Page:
Our last wine stop of the day was Montelle Winery, where we were treated to friendly conversation with the knowledgeable staff member who provided our tasting (I wish I’d gotten his name!). Oh, and The Bridge was playing there, too! The scenery from the deck outside the tasting room is absolutely breathtaking–probably the most beautiful view we saw during our time in wine country. And the wines we tasted were spectacular. Of all the wineries we visited during our two day tour of Missouri wine country, I would have to say the wines at Montelle Winery were far and away the best. I walked out of there with two bottles in hand and instructions to Chris to bring them back with her when she drives home in July. A tasting here is also $5 for 5 wines and you get to keep your glass.
A B&B Not to be Forgotten
I am so, so glad that Christina booked us a night at Stoneridge Farms Bed & Breakfast in Augusta. This was absolutely the highlight of our wine country vacation. Innkeepers Jeff & Jeannine purchased this B&B, located along the historic and scenic Lewis & Clark Trail, two years ago and have transformed it into a dream getaway estate. With Jeff’s business expertise and Jeannine’s interior design background and passion for the culinary arts, this is an inn that has planted its flag firmly on Missouri’s hospitality map.
We stayed in the Woodland suite ($219/night, accommodates 3 adults), which offers a king-sized bed and a twin day bed, a gas fireplace, satellite TV, and its own en suite bathroom with jacuzzi tub. Plush terry robes hang in the closet and organic soaps, bath gel, shampoo, and conditioner are made available. Downstairs in the common area, numerous books are available to read in the sitting room, along with games to play. More teas than I’ve ever seen in one place are on offer any time in the common area and healthy snacks were left in our room for us.
The grounds are expansive and scenic, overlooking a 14 acre lake and vineyards. We enjoyed our delicious breakfast in the 3 season porch while being serenaded by birds and frogs. After breakfast, we lingered on the porch and had fun chatting with Jeannine. We were sorry when it was time to pack up and go but we vowed to be back and we mean it!
When Christina booked our room at Stoneridge Farms B&B, she also reserved a table at The Silly Goose in Augusta. “Dedicated to provide the highest quality food on the market while utilizing the freshest and most local ingredients possible”, Silly Goose’s comfortable, inviting atmosphere enhances its mouthwatering meals.
It is incredibly hard to choose from the Southern-style offerings on the menu, but I went with the Chicken and Waffles (which Jeannine had highly recommended) and Christina chose the Chicken Fried Steak. We started with the appetizer special, Fried Green Tomatoes, which was topped with crab, much to my delight.
Chef/Owner Anastasia Adelman, featured in Feast Magazine, was at the helm the evening we ate there. She seated us, took our orders, prepared our food, served us, and charmed us with her sweet and friendly nature. For drinks, an appetizer, and dinners, our bill was shockingly reasonable. Definitely another reason to go back again.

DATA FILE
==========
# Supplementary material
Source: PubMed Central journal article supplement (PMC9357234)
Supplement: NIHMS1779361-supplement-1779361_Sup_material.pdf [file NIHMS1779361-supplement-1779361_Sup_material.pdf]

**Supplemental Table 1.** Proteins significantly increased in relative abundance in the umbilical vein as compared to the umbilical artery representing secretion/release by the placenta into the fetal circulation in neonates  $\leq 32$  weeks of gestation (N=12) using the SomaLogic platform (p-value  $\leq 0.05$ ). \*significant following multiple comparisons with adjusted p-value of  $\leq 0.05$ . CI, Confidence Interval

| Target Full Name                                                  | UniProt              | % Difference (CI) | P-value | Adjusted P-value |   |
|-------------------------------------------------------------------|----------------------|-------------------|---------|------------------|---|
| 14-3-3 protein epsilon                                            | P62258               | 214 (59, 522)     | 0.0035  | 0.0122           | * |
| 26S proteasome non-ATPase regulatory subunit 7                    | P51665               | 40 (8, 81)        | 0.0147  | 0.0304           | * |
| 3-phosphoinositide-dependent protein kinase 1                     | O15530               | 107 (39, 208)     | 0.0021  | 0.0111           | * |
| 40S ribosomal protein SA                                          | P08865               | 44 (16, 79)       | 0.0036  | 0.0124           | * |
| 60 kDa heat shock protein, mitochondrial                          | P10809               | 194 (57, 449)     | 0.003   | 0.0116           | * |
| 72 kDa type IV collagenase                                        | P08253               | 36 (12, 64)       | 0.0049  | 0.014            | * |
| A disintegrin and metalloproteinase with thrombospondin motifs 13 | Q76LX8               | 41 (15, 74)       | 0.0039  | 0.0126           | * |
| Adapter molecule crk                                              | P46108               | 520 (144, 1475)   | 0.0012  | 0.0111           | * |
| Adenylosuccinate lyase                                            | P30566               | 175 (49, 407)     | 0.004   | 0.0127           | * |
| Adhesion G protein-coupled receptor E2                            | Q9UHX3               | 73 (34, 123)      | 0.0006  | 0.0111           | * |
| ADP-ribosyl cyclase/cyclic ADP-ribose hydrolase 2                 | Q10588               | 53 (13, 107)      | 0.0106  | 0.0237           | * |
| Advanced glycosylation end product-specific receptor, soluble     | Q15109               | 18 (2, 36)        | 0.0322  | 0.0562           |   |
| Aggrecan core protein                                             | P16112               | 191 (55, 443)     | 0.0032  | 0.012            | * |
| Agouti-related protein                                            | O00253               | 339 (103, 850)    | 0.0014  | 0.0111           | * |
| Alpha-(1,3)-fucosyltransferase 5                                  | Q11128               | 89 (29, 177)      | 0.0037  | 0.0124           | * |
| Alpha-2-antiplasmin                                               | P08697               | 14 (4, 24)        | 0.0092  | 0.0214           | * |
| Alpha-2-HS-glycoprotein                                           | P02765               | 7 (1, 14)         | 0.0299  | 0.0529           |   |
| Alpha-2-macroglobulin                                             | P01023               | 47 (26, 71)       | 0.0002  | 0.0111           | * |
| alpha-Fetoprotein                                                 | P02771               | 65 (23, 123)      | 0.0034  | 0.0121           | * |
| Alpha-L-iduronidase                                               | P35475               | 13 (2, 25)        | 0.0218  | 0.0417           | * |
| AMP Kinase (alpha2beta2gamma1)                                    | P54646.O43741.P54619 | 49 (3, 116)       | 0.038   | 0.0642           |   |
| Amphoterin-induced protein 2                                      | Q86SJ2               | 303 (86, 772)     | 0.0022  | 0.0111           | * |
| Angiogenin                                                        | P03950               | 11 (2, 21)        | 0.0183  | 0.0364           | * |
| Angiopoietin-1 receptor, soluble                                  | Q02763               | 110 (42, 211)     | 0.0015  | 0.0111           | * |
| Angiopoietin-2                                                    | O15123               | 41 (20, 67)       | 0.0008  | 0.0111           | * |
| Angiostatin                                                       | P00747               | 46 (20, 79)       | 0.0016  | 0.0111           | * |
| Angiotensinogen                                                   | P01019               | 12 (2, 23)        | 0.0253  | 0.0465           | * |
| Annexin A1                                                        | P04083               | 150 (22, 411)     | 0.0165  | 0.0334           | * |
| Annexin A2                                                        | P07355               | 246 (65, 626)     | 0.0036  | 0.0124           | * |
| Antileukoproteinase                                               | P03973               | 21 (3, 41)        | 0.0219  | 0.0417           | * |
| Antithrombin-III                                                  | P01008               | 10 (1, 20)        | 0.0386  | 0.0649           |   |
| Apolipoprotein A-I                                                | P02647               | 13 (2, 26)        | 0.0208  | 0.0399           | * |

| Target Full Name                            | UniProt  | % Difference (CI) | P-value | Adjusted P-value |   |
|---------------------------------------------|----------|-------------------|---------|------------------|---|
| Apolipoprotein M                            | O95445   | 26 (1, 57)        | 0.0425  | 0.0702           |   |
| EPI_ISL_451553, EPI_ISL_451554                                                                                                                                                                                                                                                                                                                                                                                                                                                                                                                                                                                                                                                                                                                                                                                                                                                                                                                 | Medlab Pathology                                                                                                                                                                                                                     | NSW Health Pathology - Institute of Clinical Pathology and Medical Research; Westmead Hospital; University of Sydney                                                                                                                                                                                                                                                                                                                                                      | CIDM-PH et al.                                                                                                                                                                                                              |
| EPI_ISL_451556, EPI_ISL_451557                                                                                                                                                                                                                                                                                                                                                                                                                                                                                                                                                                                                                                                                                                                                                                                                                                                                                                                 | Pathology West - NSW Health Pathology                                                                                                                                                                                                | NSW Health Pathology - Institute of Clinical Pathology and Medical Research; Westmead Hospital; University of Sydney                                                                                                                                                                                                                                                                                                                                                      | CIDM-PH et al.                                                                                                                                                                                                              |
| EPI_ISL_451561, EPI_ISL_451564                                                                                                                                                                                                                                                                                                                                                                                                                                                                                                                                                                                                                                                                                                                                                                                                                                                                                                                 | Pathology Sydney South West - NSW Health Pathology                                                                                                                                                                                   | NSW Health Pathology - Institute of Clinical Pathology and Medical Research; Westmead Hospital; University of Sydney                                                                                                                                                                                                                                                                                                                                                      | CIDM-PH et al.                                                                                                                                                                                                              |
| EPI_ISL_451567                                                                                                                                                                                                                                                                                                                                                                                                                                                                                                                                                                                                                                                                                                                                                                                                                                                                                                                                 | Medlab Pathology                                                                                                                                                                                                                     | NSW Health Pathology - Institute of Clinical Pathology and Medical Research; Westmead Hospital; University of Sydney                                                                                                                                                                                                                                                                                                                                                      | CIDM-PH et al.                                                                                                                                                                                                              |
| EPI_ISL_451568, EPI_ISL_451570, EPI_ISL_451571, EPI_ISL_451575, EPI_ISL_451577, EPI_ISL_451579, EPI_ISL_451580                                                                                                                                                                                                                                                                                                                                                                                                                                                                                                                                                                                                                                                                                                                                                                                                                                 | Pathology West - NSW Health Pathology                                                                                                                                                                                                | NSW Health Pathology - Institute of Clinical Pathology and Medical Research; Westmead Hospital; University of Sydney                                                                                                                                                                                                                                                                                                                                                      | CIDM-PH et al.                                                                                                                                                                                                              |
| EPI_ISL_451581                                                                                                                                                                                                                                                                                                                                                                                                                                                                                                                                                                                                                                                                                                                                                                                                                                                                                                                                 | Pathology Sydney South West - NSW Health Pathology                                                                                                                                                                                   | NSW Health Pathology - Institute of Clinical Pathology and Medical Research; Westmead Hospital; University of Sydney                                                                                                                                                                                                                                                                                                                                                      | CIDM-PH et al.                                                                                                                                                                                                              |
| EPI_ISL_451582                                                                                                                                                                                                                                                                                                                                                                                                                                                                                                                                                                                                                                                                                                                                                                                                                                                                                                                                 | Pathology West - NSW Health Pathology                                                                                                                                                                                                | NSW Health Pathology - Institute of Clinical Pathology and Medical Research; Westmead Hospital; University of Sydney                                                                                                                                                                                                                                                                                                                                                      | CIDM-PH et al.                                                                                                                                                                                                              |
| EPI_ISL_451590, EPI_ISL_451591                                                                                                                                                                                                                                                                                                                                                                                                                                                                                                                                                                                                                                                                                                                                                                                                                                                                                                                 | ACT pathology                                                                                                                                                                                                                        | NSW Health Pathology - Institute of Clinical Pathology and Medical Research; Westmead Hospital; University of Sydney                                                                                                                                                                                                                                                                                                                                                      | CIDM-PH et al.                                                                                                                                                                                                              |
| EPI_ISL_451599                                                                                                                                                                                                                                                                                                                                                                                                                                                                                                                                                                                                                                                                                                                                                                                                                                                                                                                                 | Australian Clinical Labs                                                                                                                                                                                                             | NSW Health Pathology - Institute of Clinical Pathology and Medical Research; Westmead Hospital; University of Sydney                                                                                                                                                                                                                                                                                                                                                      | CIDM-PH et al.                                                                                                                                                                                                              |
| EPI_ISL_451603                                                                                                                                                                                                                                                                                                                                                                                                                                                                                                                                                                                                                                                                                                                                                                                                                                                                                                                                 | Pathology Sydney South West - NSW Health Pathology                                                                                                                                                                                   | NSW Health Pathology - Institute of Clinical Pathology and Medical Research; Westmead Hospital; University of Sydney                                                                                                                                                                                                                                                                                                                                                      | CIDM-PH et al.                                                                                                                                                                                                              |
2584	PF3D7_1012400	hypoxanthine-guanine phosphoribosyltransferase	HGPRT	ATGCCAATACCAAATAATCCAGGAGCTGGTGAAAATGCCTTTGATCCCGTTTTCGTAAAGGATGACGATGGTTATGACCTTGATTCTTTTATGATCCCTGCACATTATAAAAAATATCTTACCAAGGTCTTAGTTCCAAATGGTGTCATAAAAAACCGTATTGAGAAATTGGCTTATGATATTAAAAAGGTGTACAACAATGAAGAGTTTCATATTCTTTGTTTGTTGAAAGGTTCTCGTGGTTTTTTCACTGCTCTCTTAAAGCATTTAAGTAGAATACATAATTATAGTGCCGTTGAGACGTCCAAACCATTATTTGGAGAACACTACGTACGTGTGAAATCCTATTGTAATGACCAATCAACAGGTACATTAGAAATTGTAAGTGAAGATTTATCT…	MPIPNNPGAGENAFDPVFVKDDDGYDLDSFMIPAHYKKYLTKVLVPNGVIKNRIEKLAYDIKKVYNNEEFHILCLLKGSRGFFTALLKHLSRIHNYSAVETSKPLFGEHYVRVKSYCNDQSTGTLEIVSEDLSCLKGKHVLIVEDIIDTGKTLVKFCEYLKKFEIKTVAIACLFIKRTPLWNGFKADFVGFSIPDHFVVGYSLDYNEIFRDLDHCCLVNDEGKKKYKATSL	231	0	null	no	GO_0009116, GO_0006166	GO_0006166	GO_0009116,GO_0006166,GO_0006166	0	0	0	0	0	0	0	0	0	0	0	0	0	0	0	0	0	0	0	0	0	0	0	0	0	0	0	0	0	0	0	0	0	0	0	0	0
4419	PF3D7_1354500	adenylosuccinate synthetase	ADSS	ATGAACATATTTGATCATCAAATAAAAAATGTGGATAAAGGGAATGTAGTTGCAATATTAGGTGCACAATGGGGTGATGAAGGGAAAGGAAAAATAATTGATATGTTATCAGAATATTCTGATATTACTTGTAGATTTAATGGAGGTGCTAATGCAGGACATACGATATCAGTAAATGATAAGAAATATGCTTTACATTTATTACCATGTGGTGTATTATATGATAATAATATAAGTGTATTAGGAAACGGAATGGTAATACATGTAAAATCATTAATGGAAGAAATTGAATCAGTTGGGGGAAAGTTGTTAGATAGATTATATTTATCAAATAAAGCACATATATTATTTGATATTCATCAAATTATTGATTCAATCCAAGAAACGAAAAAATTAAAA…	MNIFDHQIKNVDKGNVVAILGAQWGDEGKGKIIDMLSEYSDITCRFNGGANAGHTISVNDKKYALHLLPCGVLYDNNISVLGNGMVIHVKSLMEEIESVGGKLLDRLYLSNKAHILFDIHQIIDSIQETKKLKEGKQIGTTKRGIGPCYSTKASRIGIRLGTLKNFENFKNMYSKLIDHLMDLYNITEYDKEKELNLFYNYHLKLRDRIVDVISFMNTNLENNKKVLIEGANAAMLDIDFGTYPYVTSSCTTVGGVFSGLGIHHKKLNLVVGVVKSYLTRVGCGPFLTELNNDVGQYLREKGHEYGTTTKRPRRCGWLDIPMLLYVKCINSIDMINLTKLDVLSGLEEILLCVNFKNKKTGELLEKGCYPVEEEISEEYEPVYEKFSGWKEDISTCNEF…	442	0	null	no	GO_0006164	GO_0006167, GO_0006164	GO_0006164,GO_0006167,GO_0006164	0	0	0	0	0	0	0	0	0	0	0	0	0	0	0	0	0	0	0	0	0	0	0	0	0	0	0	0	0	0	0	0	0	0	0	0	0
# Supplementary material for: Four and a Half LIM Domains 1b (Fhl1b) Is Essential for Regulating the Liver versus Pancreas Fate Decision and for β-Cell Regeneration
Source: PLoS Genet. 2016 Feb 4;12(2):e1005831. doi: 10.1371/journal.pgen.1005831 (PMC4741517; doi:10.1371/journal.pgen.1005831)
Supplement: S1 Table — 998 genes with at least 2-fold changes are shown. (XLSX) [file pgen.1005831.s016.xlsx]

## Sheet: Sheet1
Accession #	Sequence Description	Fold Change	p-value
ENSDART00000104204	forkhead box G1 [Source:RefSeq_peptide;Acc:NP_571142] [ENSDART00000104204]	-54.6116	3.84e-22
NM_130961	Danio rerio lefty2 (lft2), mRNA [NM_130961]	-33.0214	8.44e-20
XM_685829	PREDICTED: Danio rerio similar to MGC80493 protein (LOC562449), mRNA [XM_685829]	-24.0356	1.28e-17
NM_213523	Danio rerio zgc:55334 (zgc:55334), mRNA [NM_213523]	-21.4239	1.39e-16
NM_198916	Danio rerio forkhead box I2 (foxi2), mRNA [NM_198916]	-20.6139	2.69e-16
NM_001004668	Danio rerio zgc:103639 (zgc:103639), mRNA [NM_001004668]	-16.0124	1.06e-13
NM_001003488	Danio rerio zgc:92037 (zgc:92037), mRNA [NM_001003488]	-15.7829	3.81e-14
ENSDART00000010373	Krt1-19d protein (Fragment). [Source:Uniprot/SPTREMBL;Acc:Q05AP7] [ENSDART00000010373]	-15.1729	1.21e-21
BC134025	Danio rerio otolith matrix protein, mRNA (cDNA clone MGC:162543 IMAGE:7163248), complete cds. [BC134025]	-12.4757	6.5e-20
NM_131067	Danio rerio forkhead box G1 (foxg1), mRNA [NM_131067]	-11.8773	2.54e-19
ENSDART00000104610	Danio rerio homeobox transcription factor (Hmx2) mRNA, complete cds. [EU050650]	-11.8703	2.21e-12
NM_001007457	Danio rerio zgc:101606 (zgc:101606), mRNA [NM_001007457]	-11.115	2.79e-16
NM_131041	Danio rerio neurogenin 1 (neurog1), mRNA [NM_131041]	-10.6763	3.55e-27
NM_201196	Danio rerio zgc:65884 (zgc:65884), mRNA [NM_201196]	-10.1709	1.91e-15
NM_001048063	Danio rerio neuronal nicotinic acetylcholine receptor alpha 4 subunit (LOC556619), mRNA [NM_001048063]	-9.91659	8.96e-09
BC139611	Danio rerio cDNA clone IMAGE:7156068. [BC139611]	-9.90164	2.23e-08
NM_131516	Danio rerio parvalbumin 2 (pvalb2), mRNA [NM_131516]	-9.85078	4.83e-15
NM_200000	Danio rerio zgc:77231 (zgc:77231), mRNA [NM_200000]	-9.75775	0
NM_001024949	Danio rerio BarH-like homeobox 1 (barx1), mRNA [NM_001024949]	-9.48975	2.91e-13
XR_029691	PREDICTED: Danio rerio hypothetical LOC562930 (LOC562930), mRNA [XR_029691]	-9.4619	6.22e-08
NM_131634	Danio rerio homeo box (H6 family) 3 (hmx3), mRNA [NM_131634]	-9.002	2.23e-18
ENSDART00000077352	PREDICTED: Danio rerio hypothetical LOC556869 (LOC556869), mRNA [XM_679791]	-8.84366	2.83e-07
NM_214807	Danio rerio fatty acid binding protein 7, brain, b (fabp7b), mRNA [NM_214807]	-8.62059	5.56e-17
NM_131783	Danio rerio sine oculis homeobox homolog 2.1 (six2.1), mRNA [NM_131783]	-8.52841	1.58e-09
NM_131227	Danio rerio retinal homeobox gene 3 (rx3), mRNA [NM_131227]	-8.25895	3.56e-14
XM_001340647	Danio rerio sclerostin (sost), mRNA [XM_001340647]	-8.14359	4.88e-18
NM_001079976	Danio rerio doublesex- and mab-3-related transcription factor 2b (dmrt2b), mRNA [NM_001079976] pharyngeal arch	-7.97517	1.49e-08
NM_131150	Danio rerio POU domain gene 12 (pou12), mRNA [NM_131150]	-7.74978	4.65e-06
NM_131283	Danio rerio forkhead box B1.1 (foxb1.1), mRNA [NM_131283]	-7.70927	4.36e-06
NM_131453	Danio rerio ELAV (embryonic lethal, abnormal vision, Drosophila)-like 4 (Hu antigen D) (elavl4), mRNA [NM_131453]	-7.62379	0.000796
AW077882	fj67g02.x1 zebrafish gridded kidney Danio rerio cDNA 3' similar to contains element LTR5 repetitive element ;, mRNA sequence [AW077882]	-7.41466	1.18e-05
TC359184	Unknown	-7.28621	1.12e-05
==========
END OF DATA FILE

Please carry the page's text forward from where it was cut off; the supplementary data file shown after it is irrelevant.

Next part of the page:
Our last winery stop before heading back to St. Louis was Noboleis Vineyards. I was struck (again!–this is a reoccurring theme there) by how friendly and engaging people are in Missouri. We had such a nice conversation with the staff and we wound up staying to enjoy the sun that was gracing us with its presence. We again chose a 5-wine tasting for $5 (and the glasses were ours) and then we chose our favorite to have a glass of out on the lawn overlooking rolling vineyards. And we could even see Stoneridge Farms from there! The wines we tasted at Noboleis Vineyards were delicious and I chose a couple more for Chris to bring back to Vermont.
My favorite wine at all the wineries was the Norton, which is made from the nation’s oldest native grape. It has a fascinating history and I encourage you to read about it. According to Winemaker, “Many folks like to compare Norton with Zinfandel. Like Zin, Norton has a spicy, brambly character, but it is more deeply colored, and it often emphasizes dark fruit, coffee and chocolate-like flavors. The texture is medium-to-full-bodied and it can range from somewhat rough to silky smooth.”
Let’s Wrap Things Up with Some Art, Shall We?
Back in St. Louis, we made one more stop before heading back to Chris’s apartment to collapse in satisfied exhaustion: The St. Louis Art Museum. As I mentioned in my Two days in Norfolk, Virginia post, along with zoos, museums are always something I seek out when I visit new places. St. Louis is a wonderful place to visit if you’re on a budget because so many of its attractions are free, including the art museum. I was astounded by the number of works there–over 34,000! Some of the collections include African, American, Asian, and European art; contemporary art and Native American art; and photos, sculptures, and textile art. Set aside a few hours to wander around. Chris and I were tired and the museum wasn’t going to be open much longer when we got there, so we only spent an hour. Next time I’m in St. Louis I’ll make it a point to spend more time admiring all the museum has to offer.
Wow, my three days in Missouri flew by! But what a trip it was. I got to spend time with my bestie and we had an incredible adventure tasting wines, delicious foods, visiting animals and art, and the piece de resistance: our stay at Stoneridge Farms. Chris said that if she hadn’t been assigned to the hospital in Missouri, she doesn’t think she’d ever had gone there. And I, in turn, would never had thought to visit Missouri if Chris hadn’t been there on assignment. What an opportunity her assignment afforded both of us. Missouri is a beautiful state with absolutely lovely people. And St. Louis has so much to offer–much of it free! I’m definitely going back.
The Missouri Round-Up: Things to do, places to eat, wineries to visit, and where to stay
Restaurants to try
- El Burro Loco, St. Louis MO
- Charlie Gitto’s on the Hill, St. Louis MO
- Defiance Ridge Vineyards, Defiance MO
- The Silly Goose, Augusta MO
- Broadway Oyster Bar
Free things to do
- St. Louis Zoo
- St. Louis Art Museum
Wineries to visit
- Defiance Ridge Vineyards, Defiance MO
- Augusta Winery, Augusta MO
- Montelle Winery, Augusta MO
- Noboleis Vineyards, Augusta MO
Where to stay
- Stoneridge Farms Bed & Breakfast, Augusta MO
I hope I’ve inspired you to visit Missouri. It’s a beautiful state and you definitely won’t be bored. Especially if you love wine! 😉 Happy travels!
Slideshow – Three Days in Missouri